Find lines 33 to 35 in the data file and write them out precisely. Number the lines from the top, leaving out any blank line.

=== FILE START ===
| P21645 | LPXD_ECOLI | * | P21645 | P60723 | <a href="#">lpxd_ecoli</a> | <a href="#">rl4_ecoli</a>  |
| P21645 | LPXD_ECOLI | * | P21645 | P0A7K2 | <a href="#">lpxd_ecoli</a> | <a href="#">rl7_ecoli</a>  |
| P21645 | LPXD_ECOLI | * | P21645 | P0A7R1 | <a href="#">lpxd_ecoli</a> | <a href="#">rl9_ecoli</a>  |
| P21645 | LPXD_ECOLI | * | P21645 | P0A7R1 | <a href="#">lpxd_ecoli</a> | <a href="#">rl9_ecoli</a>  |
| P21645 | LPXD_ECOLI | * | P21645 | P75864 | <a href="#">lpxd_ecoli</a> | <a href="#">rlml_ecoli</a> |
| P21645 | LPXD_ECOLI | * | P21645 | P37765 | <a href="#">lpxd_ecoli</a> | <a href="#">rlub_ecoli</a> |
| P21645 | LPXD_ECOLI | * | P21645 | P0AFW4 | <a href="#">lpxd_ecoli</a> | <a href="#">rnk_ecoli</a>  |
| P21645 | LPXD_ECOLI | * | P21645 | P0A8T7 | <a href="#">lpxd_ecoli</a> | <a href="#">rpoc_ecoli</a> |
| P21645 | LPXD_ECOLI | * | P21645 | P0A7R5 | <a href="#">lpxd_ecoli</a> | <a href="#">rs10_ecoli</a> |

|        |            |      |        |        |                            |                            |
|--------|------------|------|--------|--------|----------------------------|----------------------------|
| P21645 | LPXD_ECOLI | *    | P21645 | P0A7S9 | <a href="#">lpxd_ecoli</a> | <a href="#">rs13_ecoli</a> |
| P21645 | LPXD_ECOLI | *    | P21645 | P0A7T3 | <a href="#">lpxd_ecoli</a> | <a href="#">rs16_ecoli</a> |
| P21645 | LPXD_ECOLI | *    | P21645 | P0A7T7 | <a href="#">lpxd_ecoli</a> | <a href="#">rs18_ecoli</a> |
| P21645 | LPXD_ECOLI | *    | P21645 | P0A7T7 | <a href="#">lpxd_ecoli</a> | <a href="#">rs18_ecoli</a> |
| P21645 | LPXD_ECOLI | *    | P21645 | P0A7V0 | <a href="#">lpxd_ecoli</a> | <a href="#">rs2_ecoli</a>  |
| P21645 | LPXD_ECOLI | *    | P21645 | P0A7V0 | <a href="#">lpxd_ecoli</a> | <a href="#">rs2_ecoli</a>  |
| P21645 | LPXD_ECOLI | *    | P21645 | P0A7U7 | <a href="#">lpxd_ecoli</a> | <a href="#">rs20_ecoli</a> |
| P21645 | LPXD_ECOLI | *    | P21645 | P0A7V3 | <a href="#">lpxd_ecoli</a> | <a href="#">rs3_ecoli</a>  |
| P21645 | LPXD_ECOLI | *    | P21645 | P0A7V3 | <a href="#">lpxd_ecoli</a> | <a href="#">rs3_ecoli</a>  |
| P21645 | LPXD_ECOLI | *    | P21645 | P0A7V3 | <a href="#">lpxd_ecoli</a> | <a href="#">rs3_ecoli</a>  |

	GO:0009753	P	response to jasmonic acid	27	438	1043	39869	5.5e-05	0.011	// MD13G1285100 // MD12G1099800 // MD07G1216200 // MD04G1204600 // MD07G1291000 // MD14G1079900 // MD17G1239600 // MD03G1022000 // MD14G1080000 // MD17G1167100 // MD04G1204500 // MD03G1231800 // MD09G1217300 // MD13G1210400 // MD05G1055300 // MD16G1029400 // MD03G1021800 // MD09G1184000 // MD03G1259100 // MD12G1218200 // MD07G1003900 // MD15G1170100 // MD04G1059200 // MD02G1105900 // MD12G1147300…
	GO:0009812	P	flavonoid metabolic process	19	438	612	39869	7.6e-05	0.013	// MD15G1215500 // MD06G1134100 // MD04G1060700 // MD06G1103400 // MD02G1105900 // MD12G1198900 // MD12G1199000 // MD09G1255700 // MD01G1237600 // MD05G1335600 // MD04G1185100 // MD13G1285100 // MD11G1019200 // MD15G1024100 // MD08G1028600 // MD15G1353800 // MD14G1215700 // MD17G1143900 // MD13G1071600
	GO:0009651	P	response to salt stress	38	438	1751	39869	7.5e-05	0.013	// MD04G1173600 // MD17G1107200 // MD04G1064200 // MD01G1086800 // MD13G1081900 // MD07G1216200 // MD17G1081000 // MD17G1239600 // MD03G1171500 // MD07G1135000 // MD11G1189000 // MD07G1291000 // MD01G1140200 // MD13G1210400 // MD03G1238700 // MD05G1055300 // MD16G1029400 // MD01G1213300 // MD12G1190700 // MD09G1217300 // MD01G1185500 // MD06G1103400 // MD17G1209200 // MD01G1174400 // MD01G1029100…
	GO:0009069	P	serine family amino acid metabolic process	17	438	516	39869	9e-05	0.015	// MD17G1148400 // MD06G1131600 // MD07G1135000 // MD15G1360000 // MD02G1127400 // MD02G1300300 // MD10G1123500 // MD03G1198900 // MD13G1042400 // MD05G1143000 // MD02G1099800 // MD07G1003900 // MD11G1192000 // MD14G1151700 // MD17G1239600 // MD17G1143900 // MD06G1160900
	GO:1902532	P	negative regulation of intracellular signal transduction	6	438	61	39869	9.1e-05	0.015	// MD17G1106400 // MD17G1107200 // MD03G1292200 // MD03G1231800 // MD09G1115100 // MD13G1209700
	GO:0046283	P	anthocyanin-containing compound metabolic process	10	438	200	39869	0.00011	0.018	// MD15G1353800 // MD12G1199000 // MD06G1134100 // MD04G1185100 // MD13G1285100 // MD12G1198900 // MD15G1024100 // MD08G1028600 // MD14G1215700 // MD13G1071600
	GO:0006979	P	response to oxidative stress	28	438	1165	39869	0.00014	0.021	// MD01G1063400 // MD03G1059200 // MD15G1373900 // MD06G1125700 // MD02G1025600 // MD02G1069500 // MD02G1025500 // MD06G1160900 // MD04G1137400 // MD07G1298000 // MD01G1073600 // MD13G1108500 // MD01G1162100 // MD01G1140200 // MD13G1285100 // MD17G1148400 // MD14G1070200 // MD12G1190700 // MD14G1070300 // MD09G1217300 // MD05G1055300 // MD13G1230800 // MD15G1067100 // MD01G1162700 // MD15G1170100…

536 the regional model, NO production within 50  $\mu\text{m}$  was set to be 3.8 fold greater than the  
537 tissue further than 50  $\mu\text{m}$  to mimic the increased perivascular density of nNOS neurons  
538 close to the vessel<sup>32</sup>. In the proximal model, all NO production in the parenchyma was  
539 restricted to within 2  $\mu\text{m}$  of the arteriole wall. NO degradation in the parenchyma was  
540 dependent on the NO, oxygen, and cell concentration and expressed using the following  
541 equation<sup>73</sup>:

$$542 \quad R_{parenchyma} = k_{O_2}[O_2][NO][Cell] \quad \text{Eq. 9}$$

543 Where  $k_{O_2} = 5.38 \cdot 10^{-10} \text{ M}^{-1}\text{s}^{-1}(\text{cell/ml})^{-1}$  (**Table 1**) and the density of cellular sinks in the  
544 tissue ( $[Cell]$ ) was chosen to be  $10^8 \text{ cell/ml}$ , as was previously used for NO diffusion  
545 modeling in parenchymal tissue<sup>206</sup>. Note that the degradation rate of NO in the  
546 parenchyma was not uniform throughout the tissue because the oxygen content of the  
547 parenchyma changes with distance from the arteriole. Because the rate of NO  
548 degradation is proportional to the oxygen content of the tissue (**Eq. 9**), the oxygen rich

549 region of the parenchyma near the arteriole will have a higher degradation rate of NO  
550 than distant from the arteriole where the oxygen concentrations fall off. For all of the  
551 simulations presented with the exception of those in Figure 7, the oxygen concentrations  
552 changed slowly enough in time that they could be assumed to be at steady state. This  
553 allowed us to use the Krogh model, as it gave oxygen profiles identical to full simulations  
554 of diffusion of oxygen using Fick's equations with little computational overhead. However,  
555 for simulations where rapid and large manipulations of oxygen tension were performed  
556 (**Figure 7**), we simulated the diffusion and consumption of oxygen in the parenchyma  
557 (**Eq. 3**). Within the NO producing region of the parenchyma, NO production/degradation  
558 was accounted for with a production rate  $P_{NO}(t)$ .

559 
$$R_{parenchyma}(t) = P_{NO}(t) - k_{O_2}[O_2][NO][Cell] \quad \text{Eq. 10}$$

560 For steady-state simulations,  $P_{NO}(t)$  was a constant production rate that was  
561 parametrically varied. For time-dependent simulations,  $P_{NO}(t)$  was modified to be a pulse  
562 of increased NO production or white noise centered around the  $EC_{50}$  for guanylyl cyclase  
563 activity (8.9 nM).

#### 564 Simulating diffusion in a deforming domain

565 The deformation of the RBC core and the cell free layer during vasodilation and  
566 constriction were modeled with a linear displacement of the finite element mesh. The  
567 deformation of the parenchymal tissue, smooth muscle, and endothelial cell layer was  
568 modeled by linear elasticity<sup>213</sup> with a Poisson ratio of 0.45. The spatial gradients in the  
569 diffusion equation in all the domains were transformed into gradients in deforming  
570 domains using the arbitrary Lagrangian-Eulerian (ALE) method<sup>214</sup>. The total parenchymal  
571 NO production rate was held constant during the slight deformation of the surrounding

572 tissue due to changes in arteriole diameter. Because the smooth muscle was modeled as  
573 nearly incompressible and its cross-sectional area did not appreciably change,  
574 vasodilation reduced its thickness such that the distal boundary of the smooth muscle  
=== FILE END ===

540 dependent on the NO, oxygen, and cell concentration and expressed using the following  
541 equation<sup>73</sup>:

$$542 \quad R_{parenchyma} = k_{O_2}[O_2][NO][Cell] \quad \text{Eq. 9}$$